Django, an open source framework written in Python, was designed to save Web developers time and money by promoting the idea of reusing code and avoiding replication. As with any language, programmers interviewing for a job involving Django are going to face a series of specialized questions. We asked Remco Wendt, a Berlin-based entrepreneur and member of the Django Software Foundation, how he screens candidates. Though he uses a live coding test and a short take-home project to plumb the depths of a developer’s technical knowledge, first he asks these questions.
- What most people say: “Python uses call-by-reference,” or, “Python uses call-by-value.”
- What you should say: “Actually, Python uses call-by-object.”
- Why you should say it: This question separates the veterans from the rookies, according to Wendt. Only developers with considerable hands-on experience typically know about Python’s unique calling model.
What is Unicode, what is UTF-8 and how do they relate?
- What most people say: “Unicode has something to do with special characters, right?”
- What you should say: “Unicode is an international encoding standard that works with different languages and scripts. It consists of letters, digits or symbols representing characters from across the world. UTF-8 is a type of encoding, a way of storing the code points of Unicode in a byte form, so you can send Unicode strings over the network or store them in files.”
- Why you should say it: Since developers must create code for a world comprised of many cultures and languages, you should know how to develop an application that will be used by non-English speakers. Knowing about Unicode/UTF-8 shows that you understand the importance of global development protocols.
How do you decide when to reuse code and when to start from scratch?
- What most people say: “I typically search GitHub, Bitbucket and PyPI (Python Package Index). If I find something I like, I’ll copy the code. If I don’t find a viable solution online, I’ll create fresh code.”
- What you should say: “Creating brand new code is a last resort. I’ll research code libraries, using several criteria to decide whether I should integrate existing code into my project. For instance, I’ll consider the quality of the code, the reputation and activity of the developer as well as the efficacy and size of the coding community. I want to know whether the developer is generating timely updates and notes, how quickly bugs are being fixed, and whether the code has received recent updates.”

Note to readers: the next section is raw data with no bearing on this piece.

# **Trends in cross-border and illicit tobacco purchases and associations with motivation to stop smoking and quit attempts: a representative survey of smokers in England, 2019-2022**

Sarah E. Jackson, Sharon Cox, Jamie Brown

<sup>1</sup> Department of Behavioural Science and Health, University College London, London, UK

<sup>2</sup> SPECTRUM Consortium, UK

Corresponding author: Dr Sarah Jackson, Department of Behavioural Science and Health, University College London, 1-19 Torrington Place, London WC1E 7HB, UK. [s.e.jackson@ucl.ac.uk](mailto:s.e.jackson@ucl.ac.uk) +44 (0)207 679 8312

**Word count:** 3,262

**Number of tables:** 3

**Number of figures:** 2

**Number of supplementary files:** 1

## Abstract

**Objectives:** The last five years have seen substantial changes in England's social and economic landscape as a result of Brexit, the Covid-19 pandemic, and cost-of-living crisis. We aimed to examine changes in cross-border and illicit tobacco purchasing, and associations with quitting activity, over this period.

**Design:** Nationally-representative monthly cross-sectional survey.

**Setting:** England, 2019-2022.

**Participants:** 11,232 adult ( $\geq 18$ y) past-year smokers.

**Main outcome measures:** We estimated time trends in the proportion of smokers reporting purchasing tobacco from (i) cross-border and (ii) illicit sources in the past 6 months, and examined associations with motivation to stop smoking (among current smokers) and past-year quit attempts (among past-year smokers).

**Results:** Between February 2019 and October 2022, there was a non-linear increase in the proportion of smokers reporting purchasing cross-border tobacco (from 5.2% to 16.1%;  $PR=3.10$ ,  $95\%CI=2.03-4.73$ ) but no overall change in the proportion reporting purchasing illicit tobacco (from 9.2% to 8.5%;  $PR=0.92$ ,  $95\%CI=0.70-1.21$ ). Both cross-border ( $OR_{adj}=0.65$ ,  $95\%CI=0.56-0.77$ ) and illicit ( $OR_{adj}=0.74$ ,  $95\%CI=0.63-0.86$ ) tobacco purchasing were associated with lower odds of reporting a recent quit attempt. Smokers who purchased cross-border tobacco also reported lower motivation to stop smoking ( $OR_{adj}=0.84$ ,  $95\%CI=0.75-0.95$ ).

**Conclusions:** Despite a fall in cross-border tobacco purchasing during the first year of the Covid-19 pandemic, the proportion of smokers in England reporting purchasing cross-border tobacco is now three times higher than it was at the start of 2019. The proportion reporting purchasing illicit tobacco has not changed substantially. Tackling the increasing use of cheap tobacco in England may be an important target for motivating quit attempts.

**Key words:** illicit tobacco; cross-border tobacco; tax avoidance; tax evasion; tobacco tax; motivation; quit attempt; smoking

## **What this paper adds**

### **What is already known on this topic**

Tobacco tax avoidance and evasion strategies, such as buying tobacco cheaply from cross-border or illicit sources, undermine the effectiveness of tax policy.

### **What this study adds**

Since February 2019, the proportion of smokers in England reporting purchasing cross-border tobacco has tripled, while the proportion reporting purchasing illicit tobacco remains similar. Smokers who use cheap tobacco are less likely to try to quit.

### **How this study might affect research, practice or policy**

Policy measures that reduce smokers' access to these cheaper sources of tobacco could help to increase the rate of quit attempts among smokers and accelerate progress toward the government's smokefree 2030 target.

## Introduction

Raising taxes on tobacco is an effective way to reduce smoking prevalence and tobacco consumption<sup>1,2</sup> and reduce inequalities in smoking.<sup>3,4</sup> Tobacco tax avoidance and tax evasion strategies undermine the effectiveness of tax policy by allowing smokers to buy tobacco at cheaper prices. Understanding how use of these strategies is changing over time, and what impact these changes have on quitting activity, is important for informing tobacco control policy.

- Why you should say it: A good engineer’s goal is to write and maintain the least possible amount of code so that they can focus on other things, like making their product unique. However, the decision to incorporate existing code requires careful consideration. If you’re unable to find a quality solution online, sometimes it’s better to rethink the problem.
How would you scale an existing application when starting a new project?
- What most people say: “I’d use a NoSQL data store to store my data. Also, I’d cache a good portion of the data in Redis or Memcached through Django’s caching facilities. Perhaps I’d put a reverse proxy like Varnish in front of it.”
- What you should say: “I see performance and scaling as two separate things. Performance is how fast a user is served and scaling refers to the number of users that can be served by an app at the same time. Usually, time is best spent developing during the early stages of a project. When scale does become an issue, usually business is good and there are sufficient funds to optimize the application.”
- Why you should say it: First of all, as an engineer it’s always good to take a step back and analyze the question instead of jumping to conclusions. The best way to answer this one is by explaining what scaling is and to question whether it’s required in the early stages of a project. A good engineer asks the right questions before rendering a decision. These are the type of characteristics employers are looking for.
Are there situations where you wouldn’t use Python/Django?
- What most people say: “Not really. Python is a very good, generic programming language and Django has so many options, that it works for any Web application.”
- What you should say: “Sure. For example, if a project involves some kind of reasoning it might be better to use Prolog and have Python interface with it. Of course, I would be mindful about adding more complexity to the stack by introducing a new language.”
- Why you should say it: Every programming language or framework has its strengths and weaknesses. Good engineers don’t become emotionally attached to a language, and weigh several options before making a decision. However, they also realize that adding a new programming language increases complexity. So, they constantly ask themselves if adding another language is really worth it.
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